A humilis day with a surprise ending; horse prank story

Yesterday was another great humilis day for you, with quite a phase twist at the end.  I am sure most of you out there saw the surprising final touch to a warm day with high-based shallow Cumulus.

11:52 AM.
11:52 AM. Cumulus humilis and fractus over the Catalinas, in case you think I was hiding bigger clouds that might have been over the mountains.
5:15 PM. 95 and 25, temperature and dewpoint. What is the height of the cloud bases above ground level given a 70 degree F difference? Hint: divide difference by 5 and that’s the hieight above the ground in thousands of feet. So they were way up there at about 17,000 feet above ground level!

Let’s see how close that using that old estimator technique was yesterday by examining the Tucson sounding for 5 PM AST (launched around 3:30 PM, goes up about 1,000 feet a minute).  From the Wyoming Cowboys, this:

Ann 5 PM TUS sounding

Wow! LCLP was 515 millibars, just about exactly at 17,000 feet.  Also, look how darn cold bases were, almost -10 °C or 14 ° F, tops around -14 °C or just 7 °F, and yet we see no ice…yet.

6:06 PM. Which way is the wind blowing at cloud level? Ans: at you. Nice cloud street streaming off the Catalinas over Catalina. Clouds not looking so much like Cumulus humilis anymore but rather more like Altocumulus opacus. No signs of any ice…yet.
6:09 PM. Hint of ice in this photo of clouds far downwind of the Catalinas (looking north over Saddlebrook and beyond. Can you find it?
6:52 PM. By this time, there was ice EVERYWHERE! It was an amazing transition from cloud lurking up there with no sign of ice, to ice in almost every cloud. Have hardly ever seen such a dramatic transformation in clouds that seem to be unable to produce ice most of the day. What happened? I don’t know. But will guess. These clouds, part of a moisture slug moving around the big trough coming in, were actually being lifted in time so that minute by minute they were getting a little colder until ice concentrations suddenly onset. Ice seems to depend on droplet sizes (the larger ones freeze at higher temperatures, AND temperature, the same size drop will freeze as the temperature falls. In clouds like this, the largest droplet sizes were likely the same before and after the transition to ice, so one would guess that the temperature at which they would freeze was reached as the tops rose due to a layer being lifted, not because some tops were higher and colder. The transition was too widespread and affected small clouds as well as the larger groupings. Well, lotta handwaving here, but it was an amazing change that transpired last evening.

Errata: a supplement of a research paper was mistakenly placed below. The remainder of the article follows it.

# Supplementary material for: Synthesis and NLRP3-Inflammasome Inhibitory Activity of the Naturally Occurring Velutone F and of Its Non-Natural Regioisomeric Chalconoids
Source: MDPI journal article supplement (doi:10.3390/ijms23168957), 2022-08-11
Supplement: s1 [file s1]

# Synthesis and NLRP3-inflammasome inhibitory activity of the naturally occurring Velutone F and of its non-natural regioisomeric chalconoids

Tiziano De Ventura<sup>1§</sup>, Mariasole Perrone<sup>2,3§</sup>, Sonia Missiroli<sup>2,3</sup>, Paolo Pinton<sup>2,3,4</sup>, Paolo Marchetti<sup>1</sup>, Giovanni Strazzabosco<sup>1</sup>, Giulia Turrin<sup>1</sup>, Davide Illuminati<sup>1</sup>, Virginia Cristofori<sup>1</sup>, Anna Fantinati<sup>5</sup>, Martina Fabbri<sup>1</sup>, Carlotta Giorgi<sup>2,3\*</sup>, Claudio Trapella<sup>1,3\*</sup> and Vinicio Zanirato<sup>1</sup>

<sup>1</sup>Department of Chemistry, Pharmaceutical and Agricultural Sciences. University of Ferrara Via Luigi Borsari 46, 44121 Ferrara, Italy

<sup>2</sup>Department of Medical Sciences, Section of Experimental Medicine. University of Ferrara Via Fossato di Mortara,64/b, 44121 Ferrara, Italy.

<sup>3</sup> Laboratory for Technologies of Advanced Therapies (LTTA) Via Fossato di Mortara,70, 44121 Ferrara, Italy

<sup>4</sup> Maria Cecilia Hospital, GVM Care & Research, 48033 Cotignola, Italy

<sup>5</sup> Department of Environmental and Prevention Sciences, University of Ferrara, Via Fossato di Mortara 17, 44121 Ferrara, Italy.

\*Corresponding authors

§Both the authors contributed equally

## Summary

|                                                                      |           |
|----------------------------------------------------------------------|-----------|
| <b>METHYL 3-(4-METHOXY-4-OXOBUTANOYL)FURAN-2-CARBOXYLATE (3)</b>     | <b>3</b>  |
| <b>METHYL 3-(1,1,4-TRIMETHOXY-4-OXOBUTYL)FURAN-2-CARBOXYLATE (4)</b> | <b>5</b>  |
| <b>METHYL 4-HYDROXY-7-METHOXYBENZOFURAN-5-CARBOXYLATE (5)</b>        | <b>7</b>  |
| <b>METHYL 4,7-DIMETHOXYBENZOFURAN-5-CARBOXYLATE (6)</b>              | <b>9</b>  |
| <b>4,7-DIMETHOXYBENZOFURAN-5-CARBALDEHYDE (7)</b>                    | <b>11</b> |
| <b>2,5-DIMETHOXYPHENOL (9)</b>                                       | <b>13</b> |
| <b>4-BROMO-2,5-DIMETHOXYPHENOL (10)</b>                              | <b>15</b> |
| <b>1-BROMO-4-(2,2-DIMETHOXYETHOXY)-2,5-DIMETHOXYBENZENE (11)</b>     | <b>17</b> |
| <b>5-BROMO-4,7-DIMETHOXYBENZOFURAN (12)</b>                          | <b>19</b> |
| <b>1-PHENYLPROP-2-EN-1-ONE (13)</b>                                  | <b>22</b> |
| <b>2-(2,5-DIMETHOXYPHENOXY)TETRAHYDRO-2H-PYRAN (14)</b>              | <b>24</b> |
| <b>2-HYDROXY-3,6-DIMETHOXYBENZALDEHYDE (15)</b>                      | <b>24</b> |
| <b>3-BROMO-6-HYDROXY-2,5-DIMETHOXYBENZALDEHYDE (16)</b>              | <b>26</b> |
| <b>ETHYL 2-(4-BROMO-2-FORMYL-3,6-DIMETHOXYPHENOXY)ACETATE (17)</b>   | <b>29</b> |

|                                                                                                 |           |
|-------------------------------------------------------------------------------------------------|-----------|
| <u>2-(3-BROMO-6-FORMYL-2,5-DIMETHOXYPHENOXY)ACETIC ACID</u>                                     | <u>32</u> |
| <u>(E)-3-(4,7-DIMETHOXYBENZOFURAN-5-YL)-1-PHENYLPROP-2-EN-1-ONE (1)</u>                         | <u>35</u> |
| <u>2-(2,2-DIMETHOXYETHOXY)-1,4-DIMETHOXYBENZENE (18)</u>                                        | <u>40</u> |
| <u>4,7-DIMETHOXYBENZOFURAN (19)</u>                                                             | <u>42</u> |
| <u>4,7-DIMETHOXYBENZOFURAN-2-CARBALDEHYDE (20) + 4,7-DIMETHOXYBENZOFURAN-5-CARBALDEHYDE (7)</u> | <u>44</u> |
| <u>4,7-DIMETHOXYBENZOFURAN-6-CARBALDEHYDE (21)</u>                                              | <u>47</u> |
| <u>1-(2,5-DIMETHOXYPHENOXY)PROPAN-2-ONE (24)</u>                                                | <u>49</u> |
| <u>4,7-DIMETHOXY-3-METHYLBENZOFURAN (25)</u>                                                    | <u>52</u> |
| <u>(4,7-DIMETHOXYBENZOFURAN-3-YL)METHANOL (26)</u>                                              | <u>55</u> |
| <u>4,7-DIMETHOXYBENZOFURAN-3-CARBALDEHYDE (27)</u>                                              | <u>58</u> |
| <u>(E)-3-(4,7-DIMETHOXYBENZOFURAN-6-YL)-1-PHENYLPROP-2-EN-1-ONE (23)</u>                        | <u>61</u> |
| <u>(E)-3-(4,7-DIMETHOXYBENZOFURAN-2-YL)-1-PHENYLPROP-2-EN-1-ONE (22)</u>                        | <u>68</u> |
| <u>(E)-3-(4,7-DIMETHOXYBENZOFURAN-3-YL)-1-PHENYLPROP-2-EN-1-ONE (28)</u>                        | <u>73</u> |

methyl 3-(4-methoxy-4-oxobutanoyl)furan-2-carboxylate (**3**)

7:07 PM. Noticeable virga is now dropping out of those clouds, ice concentrations probably up to a few to tens per liter!
7:07 PM. Looking toward the Charouleau Gap. Icy looking cloud over there, too. What is going on?
7:08 PM.
7:08 PM. Nice sunset, though. Ice barely visible at right.

While waiting for some rain in the days ahead, not backing off that in any way, though models generally have not had any (bad models!), will pass along a horse prank that happened.

Two days in the morning, as I went to fill “Zeus” water tank in the dawn hours, there was something dark at the  bottom of it.  I thought maybe some poor little animal or bird had drowned in his tank that night.  I reached down, and found it was my State Park baseball cap! I had left it on the top of a panel, maybe above the water tank, wasn’t sure, so it likely blew off the panel into the water tank.  But then again, I wasn’t sure that Zeus hadn’t put it in there on purpose.

But that was a crazy thought.

As a test, yesterday morning I decided to put the cap back on top of the end of a horse corral panel, but much farther away where it could not possible fall into the tank, just in case Zeus was telling me what he thought of me by dunking my cap.

9:41 AM May 4th.
9:41 AM May 4th.

Here’s what I found when I came back in the afternoon to feed Zeus:DSC_3630The same scene as the prior morning!

This was SO FUNNY!  But it was also endearing,

The End

The prankster, Zeus.
The prankster, Zeus.

4 thoughts on “A humilis day with a surprise ending; horse prank story”

  1. That’s one reason people have dogs – but horses have thoughts in common!

    1. Hi, Travis,

      It was just hilarious to see that cap under water again and at the same time, endearing.
      Zeus has now gone off for training for at least a month since he has not been ridden in some years. He did have training earlier in his life.

      Hope we get some rain out of this behemoth trough. Mods have been mostly dry, but I am holding to my measurable rain forecast for Catalina, dammitall!


  2. Zeus figured that old sweat-soaked cap of yours needed to see some water.

    I hope Zeus enjoys his strolls while carrying you through the Arizona hills when he gets back from training. Can’t think of a better way to spend a nice day than wandering along trails on horseback.

    1. That was funny, it really was sweat soaked! Maybe that was it.

      You are so right, David, about really enjoying this neck of the woods! Its just a fantastic experience, as you say.


Comments are closed.